Tuesday, September 8, 2009

Little Things Add Up or Down on the Scale

It’s the little things that mean a lot. And it turns out that little proverb can be applied to weight control, too.
To keep current on nutrition issues, I recently attended an American Dietetic Association three-day course on adult weight management presented by experts in all areas of the field, including diet counseling, physical activity and clinical assessment.
Back to the little things.
I learned encouraging news that little bouts of exercise — as few as 10 minutes in duration — can add up to significant gains in fitness.
Unfortunately, it’s the little bites eaten here and there above our daily caloric needs that can add up to sizable weight gain over time.
Call it the “creep.” The cumulative effect of small daily errors in energy balance can slowly but surely feed the growth of body fat.
As obesity expert Dr. Robert Kushner of Northwestern University explained: “By consuming just 12 calories more per day, you can gain 2 pounds a year. By eating 125 calories more per day, you can gain more than 12 pounds in a year.”
The sage budget advice to “watch the pennies and the dollars will take care of themselves” holds true here, too.
On the exercise front, registered dietitian Ruth Ann Carpenter of the Cooper Institute in Dallas, summarized physical activity guidelines for weight maintenance, “Do 150 minutes of moderate intensity activity per week such as walking, biking or gardening. Split it up into at least three days a week with no less than 10-minute bouts at a time.”
If you want more health benefits, you’ll have to do more exercise.
It’s the calories, folks
Bottom line: To prevent weight gain each day, you should walk 2,000 steps and cut 100 calories. (Skip the cheese on the burger and pass on another pat of butter.)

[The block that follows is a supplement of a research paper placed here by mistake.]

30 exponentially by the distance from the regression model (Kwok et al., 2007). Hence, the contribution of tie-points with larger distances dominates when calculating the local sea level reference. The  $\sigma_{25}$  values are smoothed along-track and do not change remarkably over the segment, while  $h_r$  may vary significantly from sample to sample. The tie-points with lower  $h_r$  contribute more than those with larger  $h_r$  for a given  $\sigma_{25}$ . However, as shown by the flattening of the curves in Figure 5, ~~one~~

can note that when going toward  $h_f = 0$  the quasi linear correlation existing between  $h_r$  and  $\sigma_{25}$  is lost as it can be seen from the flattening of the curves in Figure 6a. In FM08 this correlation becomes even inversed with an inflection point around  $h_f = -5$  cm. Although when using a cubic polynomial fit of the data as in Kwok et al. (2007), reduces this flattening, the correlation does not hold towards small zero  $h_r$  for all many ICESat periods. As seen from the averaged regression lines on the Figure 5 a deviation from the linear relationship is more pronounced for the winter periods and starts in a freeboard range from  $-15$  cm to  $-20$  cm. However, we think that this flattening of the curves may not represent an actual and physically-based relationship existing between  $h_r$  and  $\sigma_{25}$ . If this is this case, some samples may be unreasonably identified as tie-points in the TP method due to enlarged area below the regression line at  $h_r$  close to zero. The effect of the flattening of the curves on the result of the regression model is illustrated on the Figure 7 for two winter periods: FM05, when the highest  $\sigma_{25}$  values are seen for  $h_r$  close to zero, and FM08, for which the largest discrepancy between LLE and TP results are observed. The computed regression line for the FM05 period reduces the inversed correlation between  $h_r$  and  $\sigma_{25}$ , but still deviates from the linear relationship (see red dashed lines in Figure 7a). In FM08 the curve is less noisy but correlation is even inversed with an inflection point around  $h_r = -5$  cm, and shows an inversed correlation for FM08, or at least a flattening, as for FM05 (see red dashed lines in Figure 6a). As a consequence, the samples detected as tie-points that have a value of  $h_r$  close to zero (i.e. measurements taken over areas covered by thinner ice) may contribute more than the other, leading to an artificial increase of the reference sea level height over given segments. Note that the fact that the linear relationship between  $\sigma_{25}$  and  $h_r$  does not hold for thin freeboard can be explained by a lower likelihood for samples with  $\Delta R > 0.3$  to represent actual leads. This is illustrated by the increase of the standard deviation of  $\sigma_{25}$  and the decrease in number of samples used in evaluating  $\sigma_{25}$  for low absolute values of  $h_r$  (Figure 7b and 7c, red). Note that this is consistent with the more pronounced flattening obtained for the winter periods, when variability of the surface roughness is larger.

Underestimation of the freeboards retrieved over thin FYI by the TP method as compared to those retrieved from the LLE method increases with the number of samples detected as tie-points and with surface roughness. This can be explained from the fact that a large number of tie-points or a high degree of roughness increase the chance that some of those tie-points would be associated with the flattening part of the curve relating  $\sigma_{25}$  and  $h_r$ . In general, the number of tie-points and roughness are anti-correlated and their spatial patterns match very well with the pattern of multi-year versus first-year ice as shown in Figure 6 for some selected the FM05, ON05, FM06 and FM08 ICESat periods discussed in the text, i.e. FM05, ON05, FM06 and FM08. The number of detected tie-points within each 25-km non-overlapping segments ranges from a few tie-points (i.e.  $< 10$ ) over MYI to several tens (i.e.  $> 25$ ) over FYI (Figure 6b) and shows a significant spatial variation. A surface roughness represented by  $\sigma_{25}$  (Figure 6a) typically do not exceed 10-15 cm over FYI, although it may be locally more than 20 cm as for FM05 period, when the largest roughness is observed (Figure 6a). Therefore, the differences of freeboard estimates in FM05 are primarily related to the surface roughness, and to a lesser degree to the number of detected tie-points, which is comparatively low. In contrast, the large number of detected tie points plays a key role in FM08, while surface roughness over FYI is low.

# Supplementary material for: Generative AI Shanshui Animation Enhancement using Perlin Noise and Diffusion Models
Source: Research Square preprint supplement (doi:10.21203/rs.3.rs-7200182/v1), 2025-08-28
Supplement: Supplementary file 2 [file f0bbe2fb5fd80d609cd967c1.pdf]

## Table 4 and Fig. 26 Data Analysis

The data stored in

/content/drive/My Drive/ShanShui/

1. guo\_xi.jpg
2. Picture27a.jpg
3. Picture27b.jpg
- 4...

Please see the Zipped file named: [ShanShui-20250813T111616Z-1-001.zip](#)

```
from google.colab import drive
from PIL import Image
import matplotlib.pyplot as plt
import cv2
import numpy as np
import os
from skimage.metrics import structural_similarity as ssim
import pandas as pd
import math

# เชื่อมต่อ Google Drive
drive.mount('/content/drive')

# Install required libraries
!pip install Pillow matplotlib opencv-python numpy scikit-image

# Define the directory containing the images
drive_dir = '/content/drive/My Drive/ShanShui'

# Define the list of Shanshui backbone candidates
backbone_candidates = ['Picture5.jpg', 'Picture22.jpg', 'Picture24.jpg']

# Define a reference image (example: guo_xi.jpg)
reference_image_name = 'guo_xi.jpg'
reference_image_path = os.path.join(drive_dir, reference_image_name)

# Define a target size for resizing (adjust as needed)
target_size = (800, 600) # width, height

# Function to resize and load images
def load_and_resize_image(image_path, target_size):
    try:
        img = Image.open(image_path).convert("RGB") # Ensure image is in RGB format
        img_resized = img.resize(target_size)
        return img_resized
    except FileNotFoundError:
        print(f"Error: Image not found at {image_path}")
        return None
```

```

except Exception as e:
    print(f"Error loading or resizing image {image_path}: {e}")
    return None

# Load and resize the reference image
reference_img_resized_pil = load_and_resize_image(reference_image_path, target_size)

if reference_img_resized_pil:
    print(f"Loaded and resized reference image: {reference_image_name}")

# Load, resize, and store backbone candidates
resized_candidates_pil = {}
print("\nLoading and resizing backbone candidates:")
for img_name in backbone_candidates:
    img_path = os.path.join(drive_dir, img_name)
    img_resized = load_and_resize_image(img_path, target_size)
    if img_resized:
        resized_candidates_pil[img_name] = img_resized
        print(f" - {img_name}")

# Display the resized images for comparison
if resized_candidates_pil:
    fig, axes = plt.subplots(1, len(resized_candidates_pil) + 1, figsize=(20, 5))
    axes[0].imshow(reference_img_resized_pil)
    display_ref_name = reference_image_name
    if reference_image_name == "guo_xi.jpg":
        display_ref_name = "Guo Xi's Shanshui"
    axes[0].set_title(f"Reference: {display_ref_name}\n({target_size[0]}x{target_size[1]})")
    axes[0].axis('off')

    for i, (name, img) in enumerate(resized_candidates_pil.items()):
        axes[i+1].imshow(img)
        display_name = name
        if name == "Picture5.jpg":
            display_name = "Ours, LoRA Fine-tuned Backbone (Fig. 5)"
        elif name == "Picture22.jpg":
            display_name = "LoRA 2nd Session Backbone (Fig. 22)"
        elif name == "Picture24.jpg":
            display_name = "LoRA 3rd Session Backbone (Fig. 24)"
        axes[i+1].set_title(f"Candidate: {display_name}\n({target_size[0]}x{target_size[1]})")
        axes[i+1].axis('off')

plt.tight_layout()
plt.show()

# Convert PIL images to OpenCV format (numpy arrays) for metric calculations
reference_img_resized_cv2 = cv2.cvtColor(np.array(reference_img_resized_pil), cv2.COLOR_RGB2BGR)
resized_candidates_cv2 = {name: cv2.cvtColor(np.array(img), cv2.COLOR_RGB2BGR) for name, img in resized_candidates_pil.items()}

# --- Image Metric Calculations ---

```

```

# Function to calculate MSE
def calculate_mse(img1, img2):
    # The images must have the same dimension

To support weight loss, you should walk at least 10,000 steps and cut 500 to 1,000 calories a day.Putting this knowledge into practice is of course what counts.
And in my case, since the meeting was being held in the expansive Gaylord Opryland Hotel & Convention Center in Nashville, I had plenty of opportunities to put my pedometer to work.
Surprisingly, even though I was sitting in meetings with a few breaks, I was able to get in 9,000 steps the first day. (I got lost a lot and wandered through the 9 acres of beautiful indoor gardens with walkways and waterfalls.)
I also munched on fresh fruit snacks offered by the hotel during our seminars and had lots of healthy lunch options.
One day I could go to Stax, the build-your-own-burger place, and pile on the lettuce, tomatoes and pickles on top of a small hamburger or chicken sandwich.
The next day I could get a big green salad topped with grilled salmon at
 Cascades Seafood Restaurant. Cutting calories while enjoying great taste is getting easier thanks to menu alternatives today.
Learning how to make these healthy lifestyle choices in a world that weight-control experts call an “obesigenic environment” is a critical survival skill needed to prevent weight gain and related illnesses such as diabetes and heart disease.
So I’ve taken Kushner’s list of forces that contribute to obesity and given them a healthy makeover.
Fit in a fattening world
Hurried life, always rushing: Walk even faster to burn more calories. Take the stairs instead of waiting for the elevator. Park farther away and walk instead of circling to find the closest parking spot. Make moments of calm count. Savor your foods.
Food available everywhere: This often means more variety, so be selective about what you choose, accept the fact that this won’t be the last time someone offers you cake or cookies, stick to three meals and a snack instead of uncontrolled grazing.
Cooking less: If you don’t know how to cook, take a class or buy a cookbook to learn techniques for easy-to-prepare, lower-calorie recipes. You won’t have bad cooking habits to unlearn.
Eating out more: Whether it’s fast food or fancy, go online to look at the menus ahead of time to help plan healthier choices. Learn to be specific in requests, “May I have extra lemon with my fish?”
Exercise engineered out of our lives: Take the stairs, hide the remote, just say no to robot vacuum cleaners, open the garage door yourself, ditch the drive-through by actually walking into the restaurant.
Carolyn O’Neil is a registered dietitian and co-author of “The Dish on Eating Healthy and Being Fabulous!” E-mail her at carolyn@

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